How many times do you find yourself in this social (or business) situation? You are standing in a covey of people immersed in a rolling conversation when all at once you realize that you don’t know the names of some of the people you are talking to. There is a queasy feeling of awkwardness rising in your chest and you don’t know how to correct the situation so you ride the roll through to the inevitable conclusion, parting ways without ever knowing who was who. There is an old saying — referring to a gathering in a private house — that says “The roof constitutes an introduction,” meaning you shouldn’t introduce people in a private home. This is predicated on the assumption that the host has done his job and anyone under his roof should already be introduced to one another. This old rule was accepted in the days before the transportation revolution and familial displacement sent us all scurrying and gathering into far flung places. When your mothers were old acquaintances and all families and friends were well-known in a small community, this rule held true, and so it goes today. But we are a long way from cozy community living. We are citizens or the world. Let us always introduce ourselves.
In today’s hurly burly society one must pay extra attention to the small civilities. In the course of a conversation, it is never too late to say your name. But let’s be clear. You should say your name at the outset and expect the same courtesy of those you are meeting. It is always annoying — not to mention ill-mannered — to introduce one person to another without saying both or more of the parties’ names. And that should be first and last names, mind you. This lapse is yet another casualty of the modern age when we neglect to say someone’s first and last name, or worse mumble incoherently over the din in a crowded room. I know what you are thinking, but what if I don’t know their last name when I make the introduction? Let me be clear. It is not rude to ask someone their last name. Get this out of the way right at the beginning. If you’ve been introduced before and you’ve forgotten this is not a crime to ask again. Just don’t make a habit of it. To habitually forget someone’s name, first or last, is the height of incivility, the depth of laziness and in the end, just plain rude.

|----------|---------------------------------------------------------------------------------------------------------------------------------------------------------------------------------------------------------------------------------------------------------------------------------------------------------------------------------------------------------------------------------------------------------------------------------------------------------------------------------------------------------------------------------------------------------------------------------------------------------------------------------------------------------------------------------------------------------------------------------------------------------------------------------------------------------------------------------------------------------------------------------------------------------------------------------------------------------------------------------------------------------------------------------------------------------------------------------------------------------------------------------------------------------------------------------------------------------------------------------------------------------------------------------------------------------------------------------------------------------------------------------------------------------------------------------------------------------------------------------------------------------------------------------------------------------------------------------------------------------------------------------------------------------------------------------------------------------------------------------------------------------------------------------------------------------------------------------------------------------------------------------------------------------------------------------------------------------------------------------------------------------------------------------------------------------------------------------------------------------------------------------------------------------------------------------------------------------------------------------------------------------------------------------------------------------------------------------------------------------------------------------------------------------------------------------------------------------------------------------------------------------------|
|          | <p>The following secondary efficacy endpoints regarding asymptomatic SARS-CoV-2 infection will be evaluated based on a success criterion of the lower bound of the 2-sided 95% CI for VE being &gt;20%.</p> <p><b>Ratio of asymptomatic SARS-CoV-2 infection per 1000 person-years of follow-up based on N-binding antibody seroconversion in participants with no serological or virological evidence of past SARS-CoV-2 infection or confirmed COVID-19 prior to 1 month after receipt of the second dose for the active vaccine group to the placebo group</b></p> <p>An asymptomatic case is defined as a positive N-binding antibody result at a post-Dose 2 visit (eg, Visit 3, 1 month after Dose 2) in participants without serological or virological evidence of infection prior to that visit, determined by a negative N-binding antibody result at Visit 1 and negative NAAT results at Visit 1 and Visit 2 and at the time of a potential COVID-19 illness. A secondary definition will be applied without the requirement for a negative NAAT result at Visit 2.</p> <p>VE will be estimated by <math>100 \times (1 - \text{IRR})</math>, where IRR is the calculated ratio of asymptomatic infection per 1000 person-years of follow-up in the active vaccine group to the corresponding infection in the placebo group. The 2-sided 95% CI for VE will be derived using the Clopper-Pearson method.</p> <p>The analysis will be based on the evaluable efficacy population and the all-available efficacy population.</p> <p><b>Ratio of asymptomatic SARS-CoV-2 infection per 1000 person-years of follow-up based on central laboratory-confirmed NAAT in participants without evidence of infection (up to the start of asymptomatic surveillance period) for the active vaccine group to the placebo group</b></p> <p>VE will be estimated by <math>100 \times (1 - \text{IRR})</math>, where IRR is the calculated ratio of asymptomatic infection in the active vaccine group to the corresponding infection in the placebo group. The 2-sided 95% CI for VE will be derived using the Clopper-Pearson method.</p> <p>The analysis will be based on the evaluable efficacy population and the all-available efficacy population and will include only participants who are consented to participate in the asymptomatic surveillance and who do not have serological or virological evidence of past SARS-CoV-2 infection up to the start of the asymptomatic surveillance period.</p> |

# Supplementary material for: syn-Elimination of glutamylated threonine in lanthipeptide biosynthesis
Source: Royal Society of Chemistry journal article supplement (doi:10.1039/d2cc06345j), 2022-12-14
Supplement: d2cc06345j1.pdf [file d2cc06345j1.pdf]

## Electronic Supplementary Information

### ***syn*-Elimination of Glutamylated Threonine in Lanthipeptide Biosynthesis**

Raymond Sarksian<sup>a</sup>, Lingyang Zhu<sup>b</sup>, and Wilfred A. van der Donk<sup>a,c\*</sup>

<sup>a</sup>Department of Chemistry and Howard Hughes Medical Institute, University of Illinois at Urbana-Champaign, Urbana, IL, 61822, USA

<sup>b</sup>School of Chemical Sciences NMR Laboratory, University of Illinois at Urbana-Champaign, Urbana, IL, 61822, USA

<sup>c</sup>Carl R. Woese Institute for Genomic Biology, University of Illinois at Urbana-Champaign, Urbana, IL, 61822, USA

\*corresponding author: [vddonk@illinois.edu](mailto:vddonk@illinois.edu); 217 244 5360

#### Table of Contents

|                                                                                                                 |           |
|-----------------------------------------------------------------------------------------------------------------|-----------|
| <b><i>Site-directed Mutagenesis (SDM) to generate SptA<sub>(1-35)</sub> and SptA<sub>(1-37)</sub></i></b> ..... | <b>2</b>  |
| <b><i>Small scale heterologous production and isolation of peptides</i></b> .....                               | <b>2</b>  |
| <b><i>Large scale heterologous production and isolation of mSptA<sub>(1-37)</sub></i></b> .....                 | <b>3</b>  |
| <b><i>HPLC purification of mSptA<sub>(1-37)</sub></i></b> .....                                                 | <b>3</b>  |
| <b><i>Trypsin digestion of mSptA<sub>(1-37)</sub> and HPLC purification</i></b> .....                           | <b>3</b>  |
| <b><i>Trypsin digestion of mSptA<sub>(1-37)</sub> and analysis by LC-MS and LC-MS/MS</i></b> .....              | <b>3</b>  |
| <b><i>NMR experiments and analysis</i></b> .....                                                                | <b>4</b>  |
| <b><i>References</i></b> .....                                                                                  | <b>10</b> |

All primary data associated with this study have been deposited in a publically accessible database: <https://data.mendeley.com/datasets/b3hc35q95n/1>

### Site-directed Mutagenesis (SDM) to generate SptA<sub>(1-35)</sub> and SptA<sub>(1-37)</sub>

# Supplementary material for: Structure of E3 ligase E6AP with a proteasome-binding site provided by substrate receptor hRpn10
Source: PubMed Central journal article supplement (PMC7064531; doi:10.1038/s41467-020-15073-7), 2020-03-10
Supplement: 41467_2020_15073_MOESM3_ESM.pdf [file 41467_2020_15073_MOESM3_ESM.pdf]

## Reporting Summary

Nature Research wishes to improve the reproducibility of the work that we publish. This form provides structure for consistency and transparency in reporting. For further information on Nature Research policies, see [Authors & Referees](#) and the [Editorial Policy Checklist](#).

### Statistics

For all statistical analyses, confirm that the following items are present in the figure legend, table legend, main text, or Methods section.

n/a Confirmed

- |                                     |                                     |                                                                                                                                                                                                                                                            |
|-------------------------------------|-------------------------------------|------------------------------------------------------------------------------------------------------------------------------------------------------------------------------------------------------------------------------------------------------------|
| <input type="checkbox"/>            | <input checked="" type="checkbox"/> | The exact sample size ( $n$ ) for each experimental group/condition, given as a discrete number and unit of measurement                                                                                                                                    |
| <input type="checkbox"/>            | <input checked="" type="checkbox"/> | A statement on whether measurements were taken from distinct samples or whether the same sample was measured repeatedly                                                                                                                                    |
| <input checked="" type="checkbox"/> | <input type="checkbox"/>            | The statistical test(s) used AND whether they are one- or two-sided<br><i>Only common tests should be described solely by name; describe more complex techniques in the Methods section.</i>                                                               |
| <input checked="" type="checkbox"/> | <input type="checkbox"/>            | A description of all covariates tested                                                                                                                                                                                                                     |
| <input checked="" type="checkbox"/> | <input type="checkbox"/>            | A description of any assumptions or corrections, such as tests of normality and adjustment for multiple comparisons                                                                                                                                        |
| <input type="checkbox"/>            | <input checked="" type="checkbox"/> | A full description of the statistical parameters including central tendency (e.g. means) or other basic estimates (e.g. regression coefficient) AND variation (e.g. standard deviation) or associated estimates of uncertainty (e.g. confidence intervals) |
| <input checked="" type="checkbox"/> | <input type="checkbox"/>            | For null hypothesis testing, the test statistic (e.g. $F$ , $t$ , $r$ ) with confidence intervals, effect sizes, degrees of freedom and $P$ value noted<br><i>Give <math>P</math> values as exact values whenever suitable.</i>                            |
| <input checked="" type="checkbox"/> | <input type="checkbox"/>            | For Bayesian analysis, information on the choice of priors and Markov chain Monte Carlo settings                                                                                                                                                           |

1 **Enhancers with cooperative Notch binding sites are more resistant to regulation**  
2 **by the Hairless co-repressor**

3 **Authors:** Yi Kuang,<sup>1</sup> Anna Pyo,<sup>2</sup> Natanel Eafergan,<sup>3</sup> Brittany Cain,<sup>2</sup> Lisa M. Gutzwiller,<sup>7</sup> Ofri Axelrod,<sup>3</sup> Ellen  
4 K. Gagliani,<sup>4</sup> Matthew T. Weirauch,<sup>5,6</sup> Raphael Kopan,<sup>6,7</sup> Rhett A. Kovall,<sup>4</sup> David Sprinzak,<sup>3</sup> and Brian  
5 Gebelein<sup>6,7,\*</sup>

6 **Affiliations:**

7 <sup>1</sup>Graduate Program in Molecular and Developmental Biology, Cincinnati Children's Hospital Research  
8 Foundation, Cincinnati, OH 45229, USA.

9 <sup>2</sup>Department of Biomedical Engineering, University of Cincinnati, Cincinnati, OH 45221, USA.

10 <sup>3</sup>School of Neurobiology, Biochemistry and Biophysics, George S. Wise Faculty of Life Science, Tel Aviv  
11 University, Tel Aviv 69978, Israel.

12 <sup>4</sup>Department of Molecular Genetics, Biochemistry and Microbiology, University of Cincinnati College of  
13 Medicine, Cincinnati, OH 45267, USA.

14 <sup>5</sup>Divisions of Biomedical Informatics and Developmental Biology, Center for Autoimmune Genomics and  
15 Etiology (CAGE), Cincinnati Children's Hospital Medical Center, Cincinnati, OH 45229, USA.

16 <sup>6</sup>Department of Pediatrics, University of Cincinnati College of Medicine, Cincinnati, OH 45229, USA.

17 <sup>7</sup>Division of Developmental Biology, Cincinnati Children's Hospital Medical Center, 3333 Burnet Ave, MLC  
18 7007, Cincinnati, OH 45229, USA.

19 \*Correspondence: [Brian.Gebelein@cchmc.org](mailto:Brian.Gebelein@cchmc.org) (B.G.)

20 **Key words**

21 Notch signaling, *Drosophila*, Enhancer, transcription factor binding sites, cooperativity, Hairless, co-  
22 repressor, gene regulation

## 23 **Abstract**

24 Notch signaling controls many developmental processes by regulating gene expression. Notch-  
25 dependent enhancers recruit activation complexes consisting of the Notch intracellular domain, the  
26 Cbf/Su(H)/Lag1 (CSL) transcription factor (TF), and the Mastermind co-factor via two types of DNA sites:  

On the other hand, you should always remind people of your own name and even volunteer a little history of when you met. “I am Robert Hightower. We met at the Wilson’s Christmas Party.” This will assuage any awkwardness brewing inside the person you are greeting. And this person, in kind, should respond, “Of course I remember, Robert. It is so good to see you again.” No matter if this is true or not. The point of good manners is to make people feel at ease. Generosity is always the first rule of the day.
In greeting and introductions, here are some golden rules to live by:
Always say “How do you do?” or “It’s great to see you.” Never say “It’s nice to meet you,” unless you are absolutely positive you have never met before. In fact, you should simply remove this phrase from your social repertoire altogether and always say “It’s nice to see you.”
Never say “Do you remember me?” This puts the other person in the awkward position of saying “No.”
Never announce a person’s vocation in a social introduction. In business, the opposite is true. If the gathering is business and social, then by all means include the vocation.
Finally, never put someone on pause that has come up to you to say hello. If you are so engrossed in a story with Helen Highwater that you feel compelled to ask Jasper Jones to hold while you finish, you should remove Mrs. Highwater to a private room — or go outside — so as not to be interrupted. Or better yet, call her the next day. Put yourself on pause, never Mr. Jones. This incident is far too common and exceedingly rude. On the other hand, Jasper Jones should not interrupt someone who is obviously engrossed in deep, gesticulating conversation. Although gesticulating conversation has no place at a drinks party, some people do engage in such. SP says keep it light and always be open to widening your circle. Isn’t this why you attend these things in the first place?
and register to win a bow tie.
You know the drill. Advertisers want to know your business before they give us business.